Isaac Arnsdorf

Court records take us inside Trump and Barr's last-minute killing spree

ProPublica is a Pulitzer Prize-winning investigative newsroom. Sign up for The Big Story newsletter to receive stories like this one in your inbox.

In its hurry to use its final days in power to execute federal prisoners, the administration of President Donald Trump has trampled over an array of barriers, both legal and practical, according to court records that have not been previously reported.

Officials gave public explanations for their choice of which prisoners should die that misstated key facts from the cases. They moved ahead with executions in the middle of the night. They left one prisoner strapped to the gurney while lawyers worked to remove a court order. They executed a second prisoner while an appeal was still pending, leaving the court to then dismiss the appeal as “moot" because the man was already dead. They bought drugs from a secret pharmacy that failed a quality test. They hired private executioners and paid them in cash.

The unprecedented string of executions is often attributed to Attorney General William P. Barr, and his role was instrumental: It was Barr's signature that authorized the use of a new lethal injection drug, his quotes that trumpeted the execution announcements and his position as attorney general that holds the ultimate authority in capital cases. (Barr is resigning effective Wednesday.)

But a ProPublica review of internal government records shows that Barr did not act alone. The push to resume federal executions for the first time since 2003 long predates Barr, with groundwork beginning as far back as 2011 and accelerating after Trump took office in 2017. It could not have happened without the help of Justice Department lawyers; officials at the Bureau of Prisons; two professors who endorsed the government's injection method; conservative Supreme Court justices who dismissed final appeals; and Trump himself, who encouraged the executions and declined to commute them.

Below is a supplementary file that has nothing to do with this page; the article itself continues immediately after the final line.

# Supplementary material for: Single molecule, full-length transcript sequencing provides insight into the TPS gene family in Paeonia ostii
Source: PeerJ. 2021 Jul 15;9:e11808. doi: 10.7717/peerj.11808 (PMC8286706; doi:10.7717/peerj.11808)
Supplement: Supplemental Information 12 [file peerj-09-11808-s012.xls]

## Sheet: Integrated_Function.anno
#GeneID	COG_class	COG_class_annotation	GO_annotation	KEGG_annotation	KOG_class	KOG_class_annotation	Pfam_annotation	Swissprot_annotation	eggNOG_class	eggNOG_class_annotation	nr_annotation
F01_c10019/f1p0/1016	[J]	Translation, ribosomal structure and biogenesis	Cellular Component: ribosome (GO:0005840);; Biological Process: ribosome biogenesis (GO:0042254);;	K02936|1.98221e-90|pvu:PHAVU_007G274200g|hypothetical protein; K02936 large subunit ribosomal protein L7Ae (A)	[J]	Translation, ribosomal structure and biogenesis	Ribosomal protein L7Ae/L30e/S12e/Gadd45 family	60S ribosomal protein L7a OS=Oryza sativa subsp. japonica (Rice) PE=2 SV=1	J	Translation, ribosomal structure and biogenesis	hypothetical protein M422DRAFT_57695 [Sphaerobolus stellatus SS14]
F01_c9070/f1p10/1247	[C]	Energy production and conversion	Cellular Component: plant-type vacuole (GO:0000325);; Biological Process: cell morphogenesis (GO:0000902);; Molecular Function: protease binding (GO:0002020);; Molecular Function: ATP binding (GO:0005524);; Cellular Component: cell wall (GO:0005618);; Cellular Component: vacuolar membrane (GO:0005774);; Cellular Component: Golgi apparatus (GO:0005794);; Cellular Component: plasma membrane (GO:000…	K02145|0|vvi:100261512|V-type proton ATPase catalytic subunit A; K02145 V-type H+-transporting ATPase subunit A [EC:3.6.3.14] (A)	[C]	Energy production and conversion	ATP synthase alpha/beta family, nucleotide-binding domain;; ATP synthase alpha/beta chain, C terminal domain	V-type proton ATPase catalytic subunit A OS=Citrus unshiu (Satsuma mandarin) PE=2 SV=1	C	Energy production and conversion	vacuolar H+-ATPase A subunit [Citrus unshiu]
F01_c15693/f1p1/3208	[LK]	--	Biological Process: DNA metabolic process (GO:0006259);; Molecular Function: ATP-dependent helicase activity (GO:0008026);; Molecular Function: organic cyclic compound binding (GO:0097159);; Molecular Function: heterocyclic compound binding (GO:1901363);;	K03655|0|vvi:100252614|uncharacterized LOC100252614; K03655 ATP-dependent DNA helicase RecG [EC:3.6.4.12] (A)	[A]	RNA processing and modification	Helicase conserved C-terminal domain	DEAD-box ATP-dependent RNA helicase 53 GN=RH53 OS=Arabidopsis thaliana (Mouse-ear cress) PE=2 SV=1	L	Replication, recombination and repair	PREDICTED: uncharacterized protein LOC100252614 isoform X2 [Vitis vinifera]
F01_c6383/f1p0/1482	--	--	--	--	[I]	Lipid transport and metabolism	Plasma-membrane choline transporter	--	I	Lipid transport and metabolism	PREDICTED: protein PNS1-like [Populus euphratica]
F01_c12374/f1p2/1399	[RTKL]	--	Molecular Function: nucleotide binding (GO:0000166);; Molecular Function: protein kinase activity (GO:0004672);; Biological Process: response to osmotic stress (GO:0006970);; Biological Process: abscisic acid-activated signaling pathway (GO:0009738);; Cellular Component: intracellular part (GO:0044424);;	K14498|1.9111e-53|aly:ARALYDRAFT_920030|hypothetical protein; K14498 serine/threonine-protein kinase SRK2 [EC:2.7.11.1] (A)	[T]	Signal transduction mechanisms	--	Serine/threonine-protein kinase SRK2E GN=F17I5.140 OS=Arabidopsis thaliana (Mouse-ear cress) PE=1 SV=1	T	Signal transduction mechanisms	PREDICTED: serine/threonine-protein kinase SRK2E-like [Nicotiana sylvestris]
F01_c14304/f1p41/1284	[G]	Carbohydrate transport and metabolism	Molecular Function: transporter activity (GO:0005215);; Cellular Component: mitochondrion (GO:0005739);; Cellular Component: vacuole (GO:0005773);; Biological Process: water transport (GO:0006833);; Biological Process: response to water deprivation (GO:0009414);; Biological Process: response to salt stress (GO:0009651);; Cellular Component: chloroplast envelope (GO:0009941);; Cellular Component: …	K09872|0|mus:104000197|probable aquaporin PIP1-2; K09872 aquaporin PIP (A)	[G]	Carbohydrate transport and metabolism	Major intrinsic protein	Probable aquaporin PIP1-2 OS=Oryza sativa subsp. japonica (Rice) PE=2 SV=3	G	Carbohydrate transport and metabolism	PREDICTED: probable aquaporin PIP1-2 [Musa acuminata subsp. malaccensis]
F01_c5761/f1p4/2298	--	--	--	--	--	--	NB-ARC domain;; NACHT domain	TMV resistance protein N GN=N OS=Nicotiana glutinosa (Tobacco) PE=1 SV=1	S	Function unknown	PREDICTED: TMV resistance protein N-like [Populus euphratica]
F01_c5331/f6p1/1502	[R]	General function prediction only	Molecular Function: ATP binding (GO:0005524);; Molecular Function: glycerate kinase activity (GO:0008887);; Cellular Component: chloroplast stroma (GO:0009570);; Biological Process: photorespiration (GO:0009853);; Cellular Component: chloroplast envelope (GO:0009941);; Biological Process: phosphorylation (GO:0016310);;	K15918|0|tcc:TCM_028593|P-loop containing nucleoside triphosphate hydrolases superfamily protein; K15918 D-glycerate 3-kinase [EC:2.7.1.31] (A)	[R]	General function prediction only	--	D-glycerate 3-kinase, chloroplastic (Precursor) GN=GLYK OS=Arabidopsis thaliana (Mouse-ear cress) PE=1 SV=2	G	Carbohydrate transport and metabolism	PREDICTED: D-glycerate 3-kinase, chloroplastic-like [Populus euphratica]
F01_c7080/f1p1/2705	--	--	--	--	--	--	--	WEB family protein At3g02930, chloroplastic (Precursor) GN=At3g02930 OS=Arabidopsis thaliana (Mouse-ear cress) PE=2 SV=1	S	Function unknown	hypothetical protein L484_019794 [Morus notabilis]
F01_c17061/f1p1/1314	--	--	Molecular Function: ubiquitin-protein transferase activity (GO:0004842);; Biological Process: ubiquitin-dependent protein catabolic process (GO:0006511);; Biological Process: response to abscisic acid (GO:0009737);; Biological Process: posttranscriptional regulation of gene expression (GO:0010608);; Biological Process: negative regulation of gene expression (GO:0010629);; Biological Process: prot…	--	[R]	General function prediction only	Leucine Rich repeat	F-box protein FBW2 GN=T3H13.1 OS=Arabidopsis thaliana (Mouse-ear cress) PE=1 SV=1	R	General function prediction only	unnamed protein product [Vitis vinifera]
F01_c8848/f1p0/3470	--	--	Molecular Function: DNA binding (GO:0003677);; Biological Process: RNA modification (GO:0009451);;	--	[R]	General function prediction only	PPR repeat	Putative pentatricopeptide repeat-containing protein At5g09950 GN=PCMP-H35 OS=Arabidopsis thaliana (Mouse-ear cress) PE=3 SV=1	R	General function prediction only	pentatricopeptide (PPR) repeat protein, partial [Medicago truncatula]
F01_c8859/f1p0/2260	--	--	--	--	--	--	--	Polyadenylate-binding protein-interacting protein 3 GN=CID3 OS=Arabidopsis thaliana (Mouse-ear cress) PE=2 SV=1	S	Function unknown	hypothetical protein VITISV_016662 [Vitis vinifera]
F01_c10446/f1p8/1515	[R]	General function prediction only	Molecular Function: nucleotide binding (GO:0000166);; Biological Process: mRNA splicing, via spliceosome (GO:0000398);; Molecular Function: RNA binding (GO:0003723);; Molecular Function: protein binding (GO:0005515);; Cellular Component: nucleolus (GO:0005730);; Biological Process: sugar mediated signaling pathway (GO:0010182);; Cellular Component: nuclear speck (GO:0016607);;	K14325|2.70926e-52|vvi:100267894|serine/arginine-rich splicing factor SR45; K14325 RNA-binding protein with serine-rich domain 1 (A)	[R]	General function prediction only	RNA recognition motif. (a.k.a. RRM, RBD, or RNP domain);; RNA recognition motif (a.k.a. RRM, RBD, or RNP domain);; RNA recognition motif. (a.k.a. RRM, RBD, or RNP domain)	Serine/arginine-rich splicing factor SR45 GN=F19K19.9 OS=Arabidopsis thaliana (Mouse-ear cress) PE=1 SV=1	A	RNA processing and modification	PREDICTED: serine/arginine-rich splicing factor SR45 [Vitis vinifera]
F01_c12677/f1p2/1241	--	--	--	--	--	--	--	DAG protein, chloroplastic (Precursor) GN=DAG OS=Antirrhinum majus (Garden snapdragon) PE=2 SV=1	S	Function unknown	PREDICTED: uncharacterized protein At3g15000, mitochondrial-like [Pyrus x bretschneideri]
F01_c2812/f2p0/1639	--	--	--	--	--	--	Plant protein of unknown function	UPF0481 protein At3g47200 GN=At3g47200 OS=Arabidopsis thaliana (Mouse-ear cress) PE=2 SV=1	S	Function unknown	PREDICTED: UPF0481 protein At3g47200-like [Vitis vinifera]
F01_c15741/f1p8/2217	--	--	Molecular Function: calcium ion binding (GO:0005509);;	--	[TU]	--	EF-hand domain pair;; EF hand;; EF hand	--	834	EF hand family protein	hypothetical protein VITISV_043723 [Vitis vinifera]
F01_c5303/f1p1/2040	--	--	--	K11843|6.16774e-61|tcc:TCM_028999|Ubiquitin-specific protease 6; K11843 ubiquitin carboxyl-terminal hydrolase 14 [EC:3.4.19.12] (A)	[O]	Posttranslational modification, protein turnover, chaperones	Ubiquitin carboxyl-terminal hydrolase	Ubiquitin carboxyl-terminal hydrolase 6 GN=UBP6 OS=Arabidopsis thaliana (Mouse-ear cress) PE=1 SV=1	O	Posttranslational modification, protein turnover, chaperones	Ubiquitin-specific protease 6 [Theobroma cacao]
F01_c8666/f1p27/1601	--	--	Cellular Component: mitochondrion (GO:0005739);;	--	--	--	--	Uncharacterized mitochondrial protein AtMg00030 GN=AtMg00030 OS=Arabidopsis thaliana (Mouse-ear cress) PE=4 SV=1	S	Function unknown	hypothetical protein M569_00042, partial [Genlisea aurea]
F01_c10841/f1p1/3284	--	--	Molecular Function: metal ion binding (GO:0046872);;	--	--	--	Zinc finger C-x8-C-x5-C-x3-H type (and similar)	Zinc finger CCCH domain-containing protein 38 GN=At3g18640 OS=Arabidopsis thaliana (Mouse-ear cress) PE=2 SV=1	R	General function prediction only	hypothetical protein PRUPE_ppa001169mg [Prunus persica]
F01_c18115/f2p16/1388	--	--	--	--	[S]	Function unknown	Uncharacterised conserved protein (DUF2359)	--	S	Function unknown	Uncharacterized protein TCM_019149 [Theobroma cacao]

Trump and his surrogates don't shy away from this. Throughout the campaign they highlighted the executions as a contrast to Joe Biden's opposition to the death penalty, reinforcing Trump's “law and order" message. White House Press Secretary Kayleigh McEnany even invoked the execution of Daniel Lee, who fell in with skinhead groups as a teenager and renounced those beliefs decades ago, to defend Trump after he declined to disavow white supremacists in the first debate.

“The activation of the death penalty and appearance of being tough on crime played into the administration's political strategy — the same political strategy that pushed for separating children and parents and using force against peaceful demonstrators," said Robert Dunham, executive director of the Death Penalty Information Center, a nonprofit that tracks executions. “An administration which is concerned about the rule of law and which respects the Constitution would have allowed court challenges to proceed and would not have attempted to carry out executions under a procedure that could be declared unlawful."

The Justice Department has killed 10 people since July, with three more executions scheduled before Biden's inauguration. Most every federal agency is rushing to wrap up unfinished business, cementing policy objectives in ways that will make them harder for the incoming president to unwind. But the Justice Department's pressing forward with executions, even after the election of a new president who opposes them, is uniquely irreversible.

The White House and BOP declined to comment. In a statement, the Justice Department said: “Seeking the death penalty and carrying out capital sentences is not a political issue, nor have political considerations influenced the department's decisions. The death penalty is a law enforcement and public safety issue, and the department is obligated to carry forward these sentences regardless of who is the president or the attorney general."

“Death Penalty All the Way"

A slim and shrinking majority of Americans support capital punishment, according to public polling. But it remains popular with Republicans, especially white evangelicals. That coincides with the strongest base of support for Trump, who, in 1989, famously bought full-page ads in New York newspapers demanding the death penalty for five young Black and Latino men who were wrongly accused of attacking a white female jogger in Central Park.

“Death penalty all the way," Trump said at a February 2016 campaign event in New Hampshire. “I've always supported the death penalty. I don't even understand people that don't."

Until this year, the Justice Department hadn't executed anyone since 2003. This long interruption was as much practical as legal. A drug that most states and the federal government used in lethal injections, a sedative called sodium pentothal, became unavailable because the sole American manufacturer stopped making it. The drug shortage thwarted the Obama administration's plan to execute convicted murderer Jeffery Paul. States began using a similar drug called pentobarbital, and in 2011 federal prison officials observed several state executions, according to court records.